Academic journal article Innovation: Organization & Management

Technology Royalty as a Strategic Impetus in Knowledge Exchange

Academic journal article Innovation: Organization & Management

Technology Royalty as a Strategic Impetus in Knowledge Exchange

Article excerpt

The determinants of technology transfer contracts have been extensively studied (Bessy & Brousseau 1998). Most studies of contracts have been theoretical to analyze the consequences on information asymmetry, moral hazard, and risk aversion, especially in the industrial economics literature (e.g., Gallini & Wright 1990; Macho- Stadler et al. 1996; Bousquet et al. 1998). Although these studies have considerably enhanced our understanding of technology transfer and licensing, they do not directly address payment issues. Negotiating a technology licensing contract benefiting both the source and recipient is not easy, especially for the part of payment modes.

Technology licensing payment occurs within joint ventures, wholly-owned investments, or arm's-length transactions (Reddy & Zhao 1990). Aside from Aulakh et al. (1998), Cebrián (2009) and Vishwasrao (2007), limited studies have empirically analyzed the variables that influence the choice of technology payment modes [c.f. extensive review refers to Cebrián (2009) and Vishwasrao (2007)]. According to their findings, the choice of payment modes depends on the source involvement, the quality of intellectual property protection, the prior ties between the transaction parties, and the nature of the technology. These studies focus more on moral hazards and risk sharing but less on the strategic implications of relationship exchange and the effect of varying degrees of recipient inhouse technological learning on the choice of payment modes.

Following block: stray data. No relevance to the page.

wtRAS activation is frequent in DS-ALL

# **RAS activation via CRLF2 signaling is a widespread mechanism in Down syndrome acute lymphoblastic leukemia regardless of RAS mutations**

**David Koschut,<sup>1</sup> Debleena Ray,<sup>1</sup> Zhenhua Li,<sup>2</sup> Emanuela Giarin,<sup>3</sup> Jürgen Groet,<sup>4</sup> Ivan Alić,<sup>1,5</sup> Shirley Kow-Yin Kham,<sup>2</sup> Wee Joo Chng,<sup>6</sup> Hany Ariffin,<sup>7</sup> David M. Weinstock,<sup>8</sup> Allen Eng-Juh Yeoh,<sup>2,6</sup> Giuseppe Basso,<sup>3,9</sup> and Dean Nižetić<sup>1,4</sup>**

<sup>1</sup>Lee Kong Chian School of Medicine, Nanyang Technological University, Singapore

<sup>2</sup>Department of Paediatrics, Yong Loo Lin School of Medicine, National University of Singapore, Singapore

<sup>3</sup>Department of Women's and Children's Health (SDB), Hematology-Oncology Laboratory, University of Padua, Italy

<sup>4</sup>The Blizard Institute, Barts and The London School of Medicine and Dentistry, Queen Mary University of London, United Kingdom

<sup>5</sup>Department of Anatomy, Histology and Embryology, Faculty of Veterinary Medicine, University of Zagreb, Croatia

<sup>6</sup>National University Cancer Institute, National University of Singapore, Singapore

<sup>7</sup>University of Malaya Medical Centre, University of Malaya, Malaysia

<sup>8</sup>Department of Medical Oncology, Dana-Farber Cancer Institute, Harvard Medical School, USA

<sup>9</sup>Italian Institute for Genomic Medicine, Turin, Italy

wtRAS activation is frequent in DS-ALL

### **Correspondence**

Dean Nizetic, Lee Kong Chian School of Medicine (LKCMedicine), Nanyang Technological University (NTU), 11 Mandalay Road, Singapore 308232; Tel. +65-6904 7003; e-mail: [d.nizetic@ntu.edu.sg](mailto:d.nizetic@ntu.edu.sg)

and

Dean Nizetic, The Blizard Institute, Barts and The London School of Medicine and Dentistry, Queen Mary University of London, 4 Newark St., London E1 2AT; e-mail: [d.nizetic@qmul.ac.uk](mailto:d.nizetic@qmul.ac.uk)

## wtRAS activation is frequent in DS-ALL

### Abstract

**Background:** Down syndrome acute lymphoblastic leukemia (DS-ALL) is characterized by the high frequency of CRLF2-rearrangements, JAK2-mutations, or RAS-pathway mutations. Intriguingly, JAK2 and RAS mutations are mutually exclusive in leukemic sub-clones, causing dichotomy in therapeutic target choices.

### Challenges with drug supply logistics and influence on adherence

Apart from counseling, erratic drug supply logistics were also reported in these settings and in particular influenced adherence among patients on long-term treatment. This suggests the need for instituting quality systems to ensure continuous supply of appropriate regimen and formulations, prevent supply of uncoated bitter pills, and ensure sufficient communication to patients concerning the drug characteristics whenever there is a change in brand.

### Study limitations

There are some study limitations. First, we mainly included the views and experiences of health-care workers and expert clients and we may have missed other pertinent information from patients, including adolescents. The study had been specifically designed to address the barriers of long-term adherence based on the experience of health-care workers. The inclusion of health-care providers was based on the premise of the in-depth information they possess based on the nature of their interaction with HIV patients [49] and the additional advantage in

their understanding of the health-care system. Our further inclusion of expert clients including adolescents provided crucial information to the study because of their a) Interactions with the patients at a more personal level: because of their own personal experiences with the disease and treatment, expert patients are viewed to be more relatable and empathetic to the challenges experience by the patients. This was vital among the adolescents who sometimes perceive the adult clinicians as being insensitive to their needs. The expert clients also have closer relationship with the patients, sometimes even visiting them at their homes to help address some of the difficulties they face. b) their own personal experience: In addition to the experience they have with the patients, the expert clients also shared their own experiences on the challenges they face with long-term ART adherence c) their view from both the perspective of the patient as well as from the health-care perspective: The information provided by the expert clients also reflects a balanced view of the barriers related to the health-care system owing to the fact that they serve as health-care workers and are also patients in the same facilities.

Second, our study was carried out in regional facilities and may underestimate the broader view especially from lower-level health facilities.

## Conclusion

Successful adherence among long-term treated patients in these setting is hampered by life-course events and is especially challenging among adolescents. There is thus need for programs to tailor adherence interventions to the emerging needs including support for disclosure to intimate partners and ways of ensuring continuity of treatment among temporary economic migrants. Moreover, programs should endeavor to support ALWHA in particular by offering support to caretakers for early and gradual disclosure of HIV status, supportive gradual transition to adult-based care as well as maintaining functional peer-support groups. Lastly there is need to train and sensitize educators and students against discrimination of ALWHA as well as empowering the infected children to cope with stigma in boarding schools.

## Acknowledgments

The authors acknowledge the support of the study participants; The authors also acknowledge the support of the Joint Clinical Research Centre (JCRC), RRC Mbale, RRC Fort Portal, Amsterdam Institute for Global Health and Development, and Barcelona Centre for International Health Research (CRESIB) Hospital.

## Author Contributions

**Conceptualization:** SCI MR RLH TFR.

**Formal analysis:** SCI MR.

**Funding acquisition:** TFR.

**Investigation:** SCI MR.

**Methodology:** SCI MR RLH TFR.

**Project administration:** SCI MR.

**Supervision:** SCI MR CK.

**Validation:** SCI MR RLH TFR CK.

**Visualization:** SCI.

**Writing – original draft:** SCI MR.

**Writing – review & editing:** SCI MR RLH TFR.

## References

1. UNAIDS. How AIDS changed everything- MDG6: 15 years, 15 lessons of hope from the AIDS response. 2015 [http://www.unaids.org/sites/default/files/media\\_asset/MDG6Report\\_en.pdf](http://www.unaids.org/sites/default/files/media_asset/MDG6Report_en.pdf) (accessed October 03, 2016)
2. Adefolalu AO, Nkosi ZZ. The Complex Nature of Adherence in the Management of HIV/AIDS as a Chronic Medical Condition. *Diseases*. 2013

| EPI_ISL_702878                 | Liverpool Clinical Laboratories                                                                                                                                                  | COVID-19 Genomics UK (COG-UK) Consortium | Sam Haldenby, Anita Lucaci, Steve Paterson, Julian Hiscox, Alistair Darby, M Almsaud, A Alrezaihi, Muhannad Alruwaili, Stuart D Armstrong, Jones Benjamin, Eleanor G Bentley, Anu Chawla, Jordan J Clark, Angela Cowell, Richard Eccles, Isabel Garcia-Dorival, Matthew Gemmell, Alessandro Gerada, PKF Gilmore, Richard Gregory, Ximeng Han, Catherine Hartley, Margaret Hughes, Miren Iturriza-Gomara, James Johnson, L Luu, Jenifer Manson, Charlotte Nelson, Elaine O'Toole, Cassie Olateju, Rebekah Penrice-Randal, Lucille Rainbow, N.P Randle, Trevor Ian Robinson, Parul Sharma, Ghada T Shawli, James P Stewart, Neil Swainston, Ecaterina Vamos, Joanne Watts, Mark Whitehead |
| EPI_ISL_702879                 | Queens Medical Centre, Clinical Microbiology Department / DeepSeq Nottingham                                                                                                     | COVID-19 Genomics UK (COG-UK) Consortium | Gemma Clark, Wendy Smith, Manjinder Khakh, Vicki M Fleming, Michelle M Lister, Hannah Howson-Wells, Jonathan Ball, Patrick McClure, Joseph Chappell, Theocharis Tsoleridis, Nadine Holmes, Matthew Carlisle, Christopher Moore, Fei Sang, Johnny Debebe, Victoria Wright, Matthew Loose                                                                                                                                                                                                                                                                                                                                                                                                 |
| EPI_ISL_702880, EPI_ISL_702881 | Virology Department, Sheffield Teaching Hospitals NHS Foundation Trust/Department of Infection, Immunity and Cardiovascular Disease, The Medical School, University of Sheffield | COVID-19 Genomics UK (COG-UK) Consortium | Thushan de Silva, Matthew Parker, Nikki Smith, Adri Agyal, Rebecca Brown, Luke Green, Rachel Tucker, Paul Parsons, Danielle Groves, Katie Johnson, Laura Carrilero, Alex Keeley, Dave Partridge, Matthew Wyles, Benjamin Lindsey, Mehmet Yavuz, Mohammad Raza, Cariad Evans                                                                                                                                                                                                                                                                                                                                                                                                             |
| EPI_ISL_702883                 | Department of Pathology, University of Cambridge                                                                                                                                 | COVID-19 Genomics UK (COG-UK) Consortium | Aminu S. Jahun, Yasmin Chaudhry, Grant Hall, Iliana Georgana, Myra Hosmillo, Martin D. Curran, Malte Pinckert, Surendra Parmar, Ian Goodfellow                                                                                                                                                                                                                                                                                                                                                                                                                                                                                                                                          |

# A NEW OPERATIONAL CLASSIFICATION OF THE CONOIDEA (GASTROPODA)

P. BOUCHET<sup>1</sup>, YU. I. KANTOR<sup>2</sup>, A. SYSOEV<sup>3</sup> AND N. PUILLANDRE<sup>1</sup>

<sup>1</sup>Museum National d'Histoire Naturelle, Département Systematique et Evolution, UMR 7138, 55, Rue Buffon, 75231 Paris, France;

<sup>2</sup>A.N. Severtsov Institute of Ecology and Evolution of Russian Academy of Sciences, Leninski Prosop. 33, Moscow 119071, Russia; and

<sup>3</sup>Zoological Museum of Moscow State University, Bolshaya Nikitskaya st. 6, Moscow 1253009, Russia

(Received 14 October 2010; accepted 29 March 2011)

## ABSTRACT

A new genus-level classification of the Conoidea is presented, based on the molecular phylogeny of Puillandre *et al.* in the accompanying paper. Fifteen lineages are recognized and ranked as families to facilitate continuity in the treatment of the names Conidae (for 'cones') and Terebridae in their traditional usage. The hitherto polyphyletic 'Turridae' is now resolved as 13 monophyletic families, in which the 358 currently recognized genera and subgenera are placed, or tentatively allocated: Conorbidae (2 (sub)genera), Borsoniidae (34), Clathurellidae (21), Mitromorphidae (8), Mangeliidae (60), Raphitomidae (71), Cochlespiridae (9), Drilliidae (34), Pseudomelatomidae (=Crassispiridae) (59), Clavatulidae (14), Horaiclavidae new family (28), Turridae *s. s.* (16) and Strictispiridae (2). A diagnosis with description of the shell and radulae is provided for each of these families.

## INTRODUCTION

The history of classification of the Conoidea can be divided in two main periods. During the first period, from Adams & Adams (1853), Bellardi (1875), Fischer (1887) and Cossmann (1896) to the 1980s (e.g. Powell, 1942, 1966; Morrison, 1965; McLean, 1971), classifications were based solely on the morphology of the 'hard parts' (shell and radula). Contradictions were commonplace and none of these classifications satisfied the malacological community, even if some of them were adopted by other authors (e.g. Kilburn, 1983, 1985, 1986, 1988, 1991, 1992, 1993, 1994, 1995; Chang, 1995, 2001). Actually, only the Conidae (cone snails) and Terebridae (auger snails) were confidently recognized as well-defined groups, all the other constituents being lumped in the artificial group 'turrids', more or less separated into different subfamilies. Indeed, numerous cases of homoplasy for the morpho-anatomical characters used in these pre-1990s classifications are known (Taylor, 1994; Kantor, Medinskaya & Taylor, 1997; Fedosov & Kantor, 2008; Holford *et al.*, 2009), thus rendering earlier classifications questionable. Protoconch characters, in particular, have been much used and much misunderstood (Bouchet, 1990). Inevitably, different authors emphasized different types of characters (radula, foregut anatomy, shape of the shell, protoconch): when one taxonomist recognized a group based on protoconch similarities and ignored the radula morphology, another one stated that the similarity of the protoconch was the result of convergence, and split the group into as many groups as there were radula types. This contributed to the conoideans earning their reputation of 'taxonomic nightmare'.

The aim of this study is to examine the effects of non-contractible variables on the strategic preference for a royalty-based payment mode in a transfer contract. Extending the transaction cost economics (Williamson 1991), the present study proposes that royalty-based payment behavior in a licensing contract can be understood from the perspective of relationship exchange. Conceptually, transaction parties are not bounded by market mechanism; they are bounded by contracts that specify the obligations and roles of both parties in the relationship. Both parties are bilaterally interdependent because the contracting is a small number phenomenon. Small numbers may cause problem of asset specificity and thus cannot be governed by market mechanism. In contrast to market mechanism, contract relationship is sometimes enduring and may engender social ties in addition to simple economic tie. Payment modes imply the types of ties in a licensing contract.

Moreover, asset specificity, bounded rationality, and opportunistic behavior make transfer contract complicated and thus increase transaction costs (Williamson 1991). Different transaction properties display different transaction costs in a licensing contract, and influence the choice of payment modes. Specifically, knowledge tacitness as a major property of the focal technology influences transaction costs. The characteristic of interdependence, namely sourcing dependence resulted from recipient capacity and recipient dependence resulted from asset specificity, also influences transaction costs. Although opportunistic behavior is expected in a licensing contract and the transaction parties are constrained by bounded rationality, they may still attempt to negotiate an optimal payment mode to reduce opportunistic behavior.

We proposed a simplified continuum of payment modes, which then forms the basis for an empirical analysis of payment mode choice. In the context of foreign technology transfer, this study examines whether knowledge tacitness, recipient dependence, and learning potential enable firms to opt for royalty-based payments when relationship exchange taken into account in contracting. In this vein, we offer several contributions to the technology governance literature. Most of the industrial organization literature examined from the perspective of agency theory suggests that licensing payment mitigates moral hazards (e.g., Macho-Stadler et al. 1996; Agrawal 2006). …

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